The teachers were disappointed to hear that I was leaving school to look for work, especially Miss Chapman the French teacher. However, there was little money in the family kitty to pay for any new clothes for me to enter the sixth form. I could not continue with the outgrown black pinafore dress, but needed skirts and blouses. If I drew money out of my post office account, where I had fifty pounds, and spent it on clothes for work, at least I should be able to replace the money if I gained paid employment. Otherwise I would have nothing. My mother's failing health meant that she had finally given up regular work at the Apple Farm, and now took only casual jobs in the hottest summer days, such as pea-picking or currant-picking. At least I supposed it was her health which made her give up, but another factor was that housewives were being encouraged to resign from paid work at the end of the war.

A large number of men would be returning from the Services and would be looking for work if they had no guaranteed job preserved for them with an old employer. Unfortunately my father was one of those who had nowhere to return to. At the present he was being sent for two months to the North of England, to undergo some demobilisation procedures. The army was providing some educational training such as a short course in book-keeping or office skills or general education according to the needs of the serviceman. A demobilization suit of civilian clothes and a gratuity which was enough money to live on for a couple of months was also being given. My father was expected home by the end of September, and I hoped I would be in paid employment by then. He would then have to start looking for work himself.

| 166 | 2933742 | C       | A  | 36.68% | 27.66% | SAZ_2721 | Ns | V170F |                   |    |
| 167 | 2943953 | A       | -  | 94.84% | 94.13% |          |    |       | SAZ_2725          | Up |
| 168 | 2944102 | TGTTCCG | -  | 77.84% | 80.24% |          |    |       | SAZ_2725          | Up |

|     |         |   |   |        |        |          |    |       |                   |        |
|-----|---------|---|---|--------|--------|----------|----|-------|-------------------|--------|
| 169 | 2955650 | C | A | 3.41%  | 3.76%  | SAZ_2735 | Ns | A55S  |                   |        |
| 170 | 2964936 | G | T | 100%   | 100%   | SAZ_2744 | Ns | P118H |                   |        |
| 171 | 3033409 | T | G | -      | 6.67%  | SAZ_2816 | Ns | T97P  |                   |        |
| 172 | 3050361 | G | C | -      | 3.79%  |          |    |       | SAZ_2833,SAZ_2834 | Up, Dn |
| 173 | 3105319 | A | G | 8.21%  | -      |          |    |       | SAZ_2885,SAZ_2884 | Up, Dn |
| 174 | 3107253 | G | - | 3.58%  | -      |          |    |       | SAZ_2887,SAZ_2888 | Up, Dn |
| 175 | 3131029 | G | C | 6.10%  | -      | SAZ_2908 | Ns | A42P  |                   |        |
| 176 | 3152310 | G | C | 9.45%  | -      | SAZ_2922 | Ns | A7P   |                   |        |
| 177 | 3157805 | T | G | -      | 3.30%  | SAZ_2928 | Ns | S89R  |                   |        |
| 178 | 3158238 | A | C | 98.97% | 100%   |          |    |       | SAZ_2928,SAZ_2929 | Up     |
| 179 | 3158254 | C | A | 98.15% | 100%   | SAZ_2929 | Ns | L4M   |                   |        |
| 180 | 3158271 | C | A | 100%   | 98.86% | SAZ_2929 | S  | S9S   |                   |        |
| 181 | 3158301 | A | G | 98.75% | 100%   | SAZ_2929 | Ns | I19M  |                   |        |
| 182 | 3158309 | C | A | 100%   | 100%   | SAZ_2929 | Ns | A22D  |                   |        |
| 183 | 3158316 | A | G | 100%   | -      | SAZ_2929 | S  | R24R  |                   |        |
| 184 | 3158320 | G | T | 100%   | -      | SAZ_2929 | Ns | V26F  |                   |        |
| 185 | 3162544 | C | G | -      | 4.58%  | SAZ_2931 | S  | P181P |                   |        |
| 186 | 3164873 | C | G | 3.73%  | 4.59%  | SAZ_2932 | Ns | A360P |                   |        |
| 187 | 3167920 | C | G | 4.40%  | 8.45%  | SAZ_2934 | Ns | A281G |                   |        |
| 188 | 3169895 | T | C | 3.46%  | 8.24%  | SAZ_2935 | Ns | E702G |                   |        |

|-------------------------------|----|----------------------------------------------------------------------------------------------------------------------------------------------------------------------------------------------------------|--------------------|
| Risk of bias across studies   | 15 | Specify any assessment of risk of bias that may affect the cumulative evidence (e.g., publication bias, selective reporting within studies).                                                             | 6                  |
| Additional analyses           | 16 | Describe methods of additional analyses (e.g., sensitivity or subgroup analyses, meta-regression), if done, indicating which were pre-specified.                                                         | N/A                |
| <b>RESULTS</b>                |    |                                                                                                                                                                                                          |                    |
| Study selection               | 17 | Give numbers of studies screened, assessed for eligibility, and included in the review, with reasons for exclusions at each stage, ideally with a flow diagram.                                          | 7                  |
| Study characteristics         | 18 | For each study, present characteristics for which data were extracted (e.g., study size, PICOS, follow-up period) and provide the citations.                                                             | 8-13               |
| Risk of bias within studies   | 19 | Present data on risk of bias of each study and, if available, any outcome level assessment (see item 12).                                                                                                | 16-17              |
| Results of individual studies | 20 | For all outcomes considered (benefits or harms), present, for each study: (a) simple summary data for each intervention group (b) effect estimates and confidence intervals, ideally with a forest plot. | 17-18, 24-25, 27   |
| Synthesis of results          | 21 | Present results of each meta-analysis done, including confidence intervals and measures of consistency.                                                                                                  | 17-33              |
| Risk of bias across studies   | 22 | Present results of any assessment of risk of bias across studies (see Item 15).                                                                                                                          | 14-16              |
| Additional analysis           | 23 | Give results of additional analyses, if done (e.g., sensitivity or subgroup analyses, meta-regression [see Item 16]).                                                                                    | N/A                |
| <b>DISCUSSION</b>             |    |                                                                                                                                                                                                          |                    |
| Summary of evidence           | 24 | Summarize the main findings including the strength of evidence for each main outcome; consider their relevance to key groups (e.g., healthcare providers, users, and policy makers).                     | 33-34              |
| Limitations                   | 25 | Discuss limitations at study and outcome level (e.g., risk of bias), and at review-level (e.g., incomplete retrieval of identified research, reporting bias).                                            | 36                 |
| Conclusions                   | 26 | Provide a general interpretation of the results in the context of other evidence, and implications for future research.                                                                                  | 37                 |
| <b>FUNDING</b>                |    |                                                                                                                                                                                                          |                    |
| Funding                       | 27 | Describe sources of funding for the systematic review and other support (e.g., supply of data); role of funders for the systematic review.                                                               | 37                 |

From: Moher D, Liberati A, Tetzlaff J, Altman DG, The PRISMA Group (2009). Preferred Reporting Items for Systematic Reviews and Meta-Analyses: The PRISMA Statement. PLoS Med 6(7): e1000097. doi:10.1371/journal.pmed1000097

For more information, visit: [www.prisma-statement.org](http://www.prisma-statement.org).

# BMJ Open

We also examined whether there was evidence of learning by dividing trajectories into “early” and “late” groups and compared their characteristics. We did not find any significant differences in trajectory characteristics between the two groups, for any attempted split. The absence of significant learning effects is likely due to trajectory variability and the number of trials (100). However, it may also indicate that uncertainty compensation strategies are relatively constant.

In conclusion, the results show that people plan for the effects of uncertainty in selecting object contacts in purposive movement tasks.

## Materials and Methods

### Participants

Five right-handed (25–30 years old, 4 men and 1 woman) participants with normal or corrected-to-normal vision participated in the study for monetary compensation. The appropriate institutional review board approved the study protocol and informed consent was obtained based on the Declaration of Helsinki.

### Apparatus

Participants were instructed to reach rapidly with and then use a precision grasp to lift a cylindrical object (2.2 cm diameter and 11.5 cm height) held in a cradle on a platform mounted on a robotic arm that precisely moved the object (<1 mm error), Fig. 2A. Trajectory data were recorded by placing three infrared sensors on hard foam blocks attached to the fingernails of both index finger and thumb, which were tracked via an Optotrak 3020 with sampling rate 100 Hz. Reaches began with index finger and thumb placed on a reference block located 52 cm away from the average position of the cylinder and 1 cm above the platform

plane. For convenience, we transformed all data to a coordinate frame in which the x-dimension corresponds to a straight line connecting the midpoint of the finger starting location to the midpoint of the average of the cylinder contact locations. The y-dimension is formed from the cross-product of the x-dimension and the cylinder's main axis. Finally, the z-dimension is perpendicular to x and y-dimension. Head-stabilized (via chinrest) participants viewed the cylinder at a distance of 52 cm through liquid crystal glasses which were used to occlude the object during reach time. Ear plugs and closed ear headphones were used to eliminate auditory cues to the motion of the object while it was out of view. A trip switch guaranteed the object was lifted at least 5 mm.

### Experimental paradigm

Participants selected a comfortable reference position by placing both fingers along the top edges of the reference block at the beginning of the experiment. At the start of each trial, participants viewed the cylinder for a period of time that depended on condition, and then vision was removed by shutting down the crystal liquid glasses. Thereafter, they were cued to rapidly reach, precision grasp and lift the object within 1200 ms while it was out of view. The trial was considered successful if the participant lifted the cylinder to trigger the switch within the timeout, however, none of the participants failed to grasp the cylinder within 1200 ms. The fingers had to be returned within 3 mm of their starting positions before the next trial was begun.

But a serious event happened to distract me from the task of looking for employment early in August 1945. On August 6th we read in our newspapers that an atomic bomb had been dropped on Hiroshima, killing a large part of the population. Moreover the threat of another bomb was given as an ultimatum to the Japanese unless they surrendered.